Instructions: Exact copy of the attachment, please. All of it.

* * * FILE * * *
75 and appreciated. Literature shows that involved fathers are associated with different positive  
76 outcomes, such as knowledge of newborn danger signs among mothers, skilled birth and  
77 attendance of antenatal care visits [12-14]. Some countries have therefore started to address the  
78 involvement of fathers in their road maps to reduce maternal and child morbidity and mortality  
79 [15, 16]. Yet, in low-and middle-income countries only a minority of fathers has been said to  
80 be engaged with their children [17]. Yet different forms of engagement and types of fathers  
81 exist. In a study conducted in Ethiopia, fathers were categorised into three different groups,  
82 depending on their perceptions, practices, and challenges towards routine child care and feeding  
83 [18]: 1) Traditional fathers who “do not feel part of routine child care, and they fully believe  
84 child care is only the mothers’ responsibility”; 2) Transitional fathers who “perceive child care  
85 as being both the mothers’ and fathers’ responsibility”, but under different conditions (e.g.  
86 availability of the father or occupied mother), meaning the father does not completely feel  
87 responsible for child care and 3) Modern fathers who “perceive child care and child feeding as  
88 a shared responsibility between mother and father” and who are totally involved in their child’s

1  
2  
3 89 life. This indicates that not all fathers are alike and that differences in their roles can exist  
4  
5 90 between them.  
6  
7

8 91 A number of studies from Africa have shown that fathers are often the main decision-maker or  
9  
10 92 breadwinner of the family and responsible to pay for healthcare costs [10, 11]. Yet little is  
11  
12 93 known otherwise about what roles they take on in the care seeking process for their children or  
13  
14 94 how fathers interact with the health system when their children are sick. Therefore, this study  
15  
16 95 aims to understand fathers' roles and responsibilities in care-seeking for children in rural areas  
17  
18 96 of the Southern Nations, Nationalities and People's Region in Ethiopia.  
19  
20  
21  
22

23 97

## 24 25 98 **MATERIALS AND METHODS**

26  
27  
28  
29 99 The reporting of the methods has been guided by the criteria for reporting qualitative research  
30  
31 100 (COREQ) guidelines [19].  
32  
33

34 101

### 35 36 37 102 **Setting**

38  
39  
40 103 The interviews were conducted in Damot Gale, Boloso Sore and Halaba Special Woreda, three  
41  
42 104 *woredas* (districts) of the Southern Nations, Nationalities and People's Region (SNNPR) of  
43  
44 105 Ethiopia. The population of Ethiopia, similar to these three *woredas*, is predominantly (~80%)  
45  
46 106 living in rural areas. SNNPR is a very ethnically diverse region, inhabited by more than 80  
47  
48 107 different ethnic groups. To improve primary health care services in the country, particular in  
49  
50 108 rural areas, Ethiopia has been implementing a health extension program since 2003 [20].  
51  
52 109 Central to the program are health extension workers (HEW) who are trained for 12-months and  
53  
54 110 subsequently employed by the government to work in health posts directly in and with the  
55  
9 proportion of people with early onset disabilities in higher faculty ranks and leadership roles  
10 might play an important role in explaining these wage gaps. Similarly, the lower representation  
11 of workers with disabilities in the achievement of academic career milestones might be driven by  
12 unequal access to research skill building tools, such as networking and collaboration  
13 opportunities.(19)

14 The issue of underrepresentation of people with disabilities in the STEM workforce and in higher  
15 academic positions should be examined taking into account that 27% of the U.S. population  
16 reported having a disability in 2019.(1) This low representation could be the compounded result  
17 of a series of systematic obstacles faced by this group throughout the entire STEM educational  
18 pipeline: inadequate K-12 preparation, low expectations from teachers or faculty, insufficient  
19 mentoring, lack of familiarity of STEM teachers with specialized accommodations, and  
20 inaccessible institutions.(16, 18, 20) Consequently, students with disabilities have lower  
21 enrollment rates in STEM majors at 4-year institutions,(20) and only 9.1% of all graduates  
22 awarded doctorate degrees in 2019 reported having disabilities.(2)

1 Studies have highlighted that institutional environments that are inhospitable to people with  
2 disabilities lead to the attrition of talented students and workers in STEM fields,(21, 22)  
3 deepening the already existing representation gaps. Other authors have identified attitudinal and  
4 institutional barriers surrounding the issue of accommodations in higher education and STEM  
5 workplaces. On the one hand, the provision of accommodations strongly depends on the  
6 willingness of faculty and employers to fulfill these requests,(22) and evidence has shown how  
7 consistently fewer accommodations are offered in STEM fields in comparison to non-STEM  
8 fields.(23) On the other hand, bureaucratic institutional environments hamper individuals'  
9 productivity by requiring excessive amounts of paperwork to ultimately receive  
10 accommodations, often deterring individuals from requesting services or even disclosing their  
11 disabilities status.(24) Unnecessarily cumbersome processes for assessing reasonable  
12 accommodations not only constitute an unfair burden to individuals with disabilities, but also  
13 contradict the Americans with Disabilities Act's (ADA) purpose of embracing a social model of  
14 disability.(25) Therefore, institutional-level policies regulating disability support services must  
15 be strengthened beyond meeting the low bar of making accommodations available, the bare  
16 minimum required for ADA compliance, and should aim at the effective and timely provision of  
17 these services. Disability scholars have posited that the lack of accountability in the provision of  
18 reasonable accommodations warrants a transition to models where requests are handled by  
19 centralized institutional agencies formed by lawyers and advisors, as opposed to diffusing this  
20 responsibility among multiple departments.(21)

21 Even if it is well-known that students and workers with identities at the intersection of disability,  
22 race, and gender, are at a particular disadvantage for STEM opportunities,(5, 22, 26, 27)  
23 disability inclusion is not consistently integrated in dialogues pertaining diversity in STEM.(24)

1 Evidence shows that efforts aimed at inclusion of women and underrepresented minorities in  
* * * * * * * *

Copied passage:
75 and appreciated. Literature shows that involved fathers are associated with different positive  
76 outcomes, such as knowledge of newborn danger signs among mothers, skilled birth and  
77 attendance of antenatal care visits [12-14]. Some countries have therefore started to address the  
78 involvement of fathers in their road maps to reduce maternal and child morbidity and mortality  
79 [15, 16]. Yet, in low-and middle-income countries only a minority of fathers has been said to  
80 be engaged with their children [17]. Yet different forms of engagement and types of fathers  
81 exist. In a study conducted in Ethiopia, fathers were categorised into three different groups,  
82 depending on their perceptions, practices, and challenges towards routine child care and feeding  
83 [18]: 1) Traditional fathers who “do not feel part of routine child care, and they fully believe  
84 child care is only the mothers’ responsibility”; 2) Transitional fathers who “perceive child care  
85 as being both the mothers’ and fathers’ responsibility”, but under different conditions (e.g.  
86 availability of the father or occupied mother), meaning the father does not completely feel  
87 responsible for child care and 3) Modern fathers who “perceive child care and child feeding as  
88 a shared responsibility between mother and father” and who are totally involved in their child’s

1  
2  
3 89 life. This indicates that not all fathers are alike and that differences in their roles can exist  
4  
5 90 between them.  
6  
7

8 91 A number of studies from Africa have shown that fathers are often the main decision-maker or  
9  
10 92 breadwinner of the family and responsible to pay for healthcare costs [10, 11]. Yet little is  
11  
12 93 known otherwise about what roles they take on in the care seeking process for their children or  
13  
14 94 how fathers interact with the health system when their children are sick. Therefore, this study  
15  
16 95 aims to understand fathers' roles and responsibilities in care-seeking for children in rural areas  
17  
18 96 of the Southern Nations, Nationalities and People's Region in Ethiopia.  
19  
20  
21  
22

23 97

## 24 25 98 **MATERIALS AND METHODS**

26  
27  
28  
29 99 The reporting of the methods has been guided by the criteria for reporting qualitative research  
30  
31 100 (COREQ) guidelines [19].  
32  
33

34 101

### 35 36 37 102 **Setting**

38  
39  
40 103 The interviews were conducted in Damot Gale, Boloso Sore and Halaba Special Woreda, three  
41  
42 104 *woredas* (districts) of the Southern Nations, Nationalities and People's Region (SNNPR) of  
43  
44 105 Ethiopia. The population of Ethiopia, similar to these three *woredas*, is predominantly (~80%)  
45  
46 106 living in rural areas. SNNPR is a very ethnically diverse region, inhabited by more than 80  
47  
48 107 different ethnic groups. To improve primary health care services in the country, particular in  
49  
50 108 rural areas, Ethiopia has been implementing a health extension program since 2003 [20].  
51  
52 109 Central to the program are health extension workers (HEW) who are trained for 12-months and  
53  
54 110 subsequently employed by the government to work in health posts directly in and with the  
55  
9 proportion of people with early onset disabilities in higher faculty ranks and leadership roles  
10 might play an important role in explaining these wage gaps. Similarly, the lower representation  
11 of workers with disabilities in the achievement of academic career milestones might be driven by  
12 unequal access to research skill building tools, such as networking and collaboration  
13 opportunities.(19)

14 The issue of underrepresentation of people with disabilities in the STEM workforce and in higher  
15 academic positions should be examined taking into account that 27% of the U.S. population  
16 reported having a disability in 2019.(1) This low representation could be the compounded result  
17 of a series of systematic obstacles faced by this group throughout the entire STEM educational  
18 pipeline: inadequate K-12 preparation, low expectations from teachers or faculty, insufficient  
19 mentoring, lack of familiarity of STEM teachers with specialized accommodations, and  
20 inaccessible institutions.(16, 18, 20) Consequently, students with disabilities have lower  
21 enrollment rates in STEM majors at 4-year institutions,(20) and only 9.1% of all graduates  
22 awarded doctorate degrees in 2019 reported having disabilities.(2)

1 Studies have highlighted that institutional environments that are inhospitable to people with  
2 disabilities lead to the attrition of talented students and workers in STEM fields,(21, 22)  
3 deepening the already existing representation gaps. Other authors have identified attitudinal and  
4 institutional barriers surrounding the issue of accommodations in higher education and STEM  
5 workplaces. On the one hand, the provision of accommodations strongly depends on the  
6 willingness of faculty and employers to fulfill these requests,(22) and evidence has shown how  
7 consistently fewer accommodations are offered in STEM fields in comparison to non-STEM  
8 fields.(23) On the other hand, bureaucratic institutional environments hamper individuals'  
9 productivity by requiring excessive amounts of paperwork to ultimately receive  
10 accommodations, often deterring individuals from requesting services or even disclosing their  
11 disabilities status.(24) Unnecessarily cumbersome processes for assessing reasonable  
12 accommodations not only constitute an unfair burden to individuals with disabilities, but also  
13 contradict the Americans with Disabilities Act's (ADA) purpose of embracing a social model of  
14 disability.(25) Therefore, institutional-level policies regulating disability support services must  
15 be strengthened beyond meeting the low bar of making accommodations available, the bare  
16 minimum required for ADA compliance, and should aim at the effective and timely provision of  
17 these services. Disability scholars have posited that the lack of accountability in the provision of  
18 reasonable accommodations warrants a transition to models where requests are handled by  
19 centralized institutional agencies formed by lawyers and advisors, as opposed to diffusing this  
20 responsibility among multiple departments.(21)

21 Even if it is well-known that students and workers with identities at the intersection of disability,  
22 race, and gender, are at a particular disadvantage for STEM opportunities,(5, 22, 26, 27)  
23 disability inclusion is not consistently integrated in dialogues pertaining diversity in STEM.(24)

1 Evidence shows that efforts aimed at inclusion of women and underrepresented minorities in  